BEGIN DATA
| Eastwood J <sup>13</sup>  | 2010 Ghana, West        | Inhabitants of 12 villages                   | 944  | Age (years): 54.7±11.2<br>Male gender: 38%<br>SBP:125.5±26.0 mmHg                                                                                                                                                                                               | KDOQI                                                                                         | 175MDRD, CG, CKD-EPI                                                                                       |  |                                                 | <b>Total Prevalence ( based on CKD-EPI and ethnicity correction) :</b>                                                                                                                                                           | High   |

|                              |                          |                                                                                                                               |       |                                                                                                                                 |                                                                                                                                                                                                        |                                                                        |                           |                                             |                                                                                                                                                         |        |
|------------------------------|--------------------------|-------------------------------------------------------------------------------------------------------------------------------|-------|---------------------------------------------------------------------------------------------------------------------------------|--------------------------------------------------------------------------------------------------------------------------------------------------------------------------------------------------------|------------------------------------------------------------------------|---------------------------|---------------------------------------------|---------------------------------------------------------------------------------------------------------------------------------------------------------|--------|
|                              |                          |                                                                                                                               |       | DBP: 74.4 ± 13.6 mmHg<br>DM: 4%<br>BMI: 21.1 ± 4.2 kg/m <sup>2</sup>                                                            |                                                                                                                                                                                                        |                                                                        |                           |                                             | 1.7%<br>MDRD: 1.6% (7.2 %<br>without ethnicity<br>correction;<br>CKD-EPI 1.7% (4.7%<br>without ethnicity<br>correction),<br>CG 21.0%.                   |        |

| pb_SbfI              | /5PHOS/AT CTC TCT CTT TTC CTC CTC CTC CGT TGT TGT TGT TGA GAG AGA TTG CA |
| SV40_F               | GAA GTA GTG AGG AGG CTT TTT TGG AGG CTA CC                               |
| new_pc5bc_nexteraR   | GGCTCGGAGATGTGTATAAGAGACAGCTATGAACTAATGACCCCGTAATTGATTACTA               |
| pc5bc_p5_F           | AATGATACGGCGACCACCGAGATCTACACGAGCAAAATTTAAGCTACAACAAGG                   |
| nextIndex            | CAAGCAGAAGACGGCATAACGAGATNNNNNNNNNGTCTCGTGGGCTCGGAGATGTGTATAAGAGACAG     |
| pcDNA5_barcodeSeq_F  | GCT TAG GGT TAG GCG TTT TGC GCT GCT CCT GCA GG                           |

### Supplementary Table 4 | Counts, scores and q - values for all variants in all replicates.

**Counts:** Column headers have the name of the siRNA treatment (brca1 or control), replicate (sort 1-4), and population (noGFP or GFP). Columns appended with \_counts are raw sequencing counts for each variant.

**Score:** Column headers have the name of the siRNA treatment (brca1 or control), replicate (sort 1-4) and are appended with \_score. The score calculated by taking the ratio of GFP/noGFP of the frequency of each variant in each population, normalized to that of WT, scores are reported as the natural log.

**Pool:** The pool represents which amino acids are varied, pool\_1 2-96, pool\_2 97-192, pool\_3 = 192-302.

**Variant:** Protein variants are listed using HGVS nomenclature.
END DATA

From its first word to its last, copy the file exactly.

| Eastwood J <sup>13</sup>  | 2010 Ghana, West        | Inhabitants of 12 villages                   | 944  | Age (years): 54.7±11.2<br>Male gender: 38%<br>SBP:125.5±26.0 mmHg                                                                                                                                                                                               | KDOQI                                                                                         | 175MDRD, CG, CKD-EPI                                                                                       |  |                                                 | <b>Total Prevalence ( based on CKD-EPI and ethnicity correction) :</b>                                                                                                                                                           | High   |

|                              |                          |                                                                                                                               |       |                                                                                                                                 |                                                                                                                                                                                                        |                                                                        |                           |                                             |                                                                                                                                                         |        |
|------------------------------|--------------------------|-------------------------------------------------------------------------------------------------------------------------------|-------|---------------------------------------------------------------------------------------------------------------------------------|--------------------------------------------------------------------------------------------------------------------------------------------------------------------------------------------------------|------------------------------------------------------------------------|---------------------------|---------------------------------------------|---------------------------------------------------------------------------------------------------------------------------------------------------------|--------|
|                              |                          |                                                                                                                               |       | DBP: 74.4 ± 13.6 mmHg<br>DM: 4%<br>BMI: 21.1 ± 4.2 kg/m <sup>2</sup>                                                            |                                                                                                                                                                                                        |                                                                        |                           |                                             | 1.7%<br>MDRD: 1.6% (7.2 %<br>without ethnicity<br>correction;<br>CKD-EPI 1.7% (4.7%<br>without ethnicity<br>correction),<br>CG 21.0%.                   |        |

| pb_SbfI              | /5PHOS/AT CTC TCT CTT TTC CTC CTC CTC CGT TGT TGT TGT TGA GAG AGA TTG CA |
| SV40_F               | GAA GTA GTG AGG AGG CTT TTT TGG AGG CTA CC                               |
| new_pc5bc_nexteraR   | GGCTCGGAGATGTGTATAAGAGACAGCTATGAACTAATGACCCCGTAATTGATTACTA               |
| pc5bc_p5_F           | AATGATACGGCGACCACCGAGATCTACACGAGCAAAATTTAAGCTACAACAAGG                   |
| nextIndex            | CAAGCAGAAGACGGCATAACGAGATNNNNNNNNNGTCTCGTGGGCTCGGAGATGTGTATAAGAGACAG     |
| pcDNA5_barcodeSeq_F  | GCT TAG GGT TAG GCG TTT TGC GCT GCT CCT GCA GG                           |

### Supplementary Table 4 | Counts, scores and q - values for all variants in all replicates.

**Counts:** Column headers have the name of the siRNA treatment (brca1 or control), replicate (sort 1-4), and population (noGFP or GFP). Columns appended with \_counts are raw sequencing counts for each variant.

**Score:** Column headers have the name of the siRNA treatment (brca1 or control), replicate (sort 1-4) and are appended with \_score. The score calculated by taking the ratio of GFP/noGFP of the frequency of each variant in each population, normalized to that of WT, scores are reported as the natural log.

**Pool:** The pool represents which amino acids are varied, pool\_1 2-96, pool\_2 97-192, pool\_3 = 192-302.

**Variant:** Protein variants are listed using HGVS nomenclature.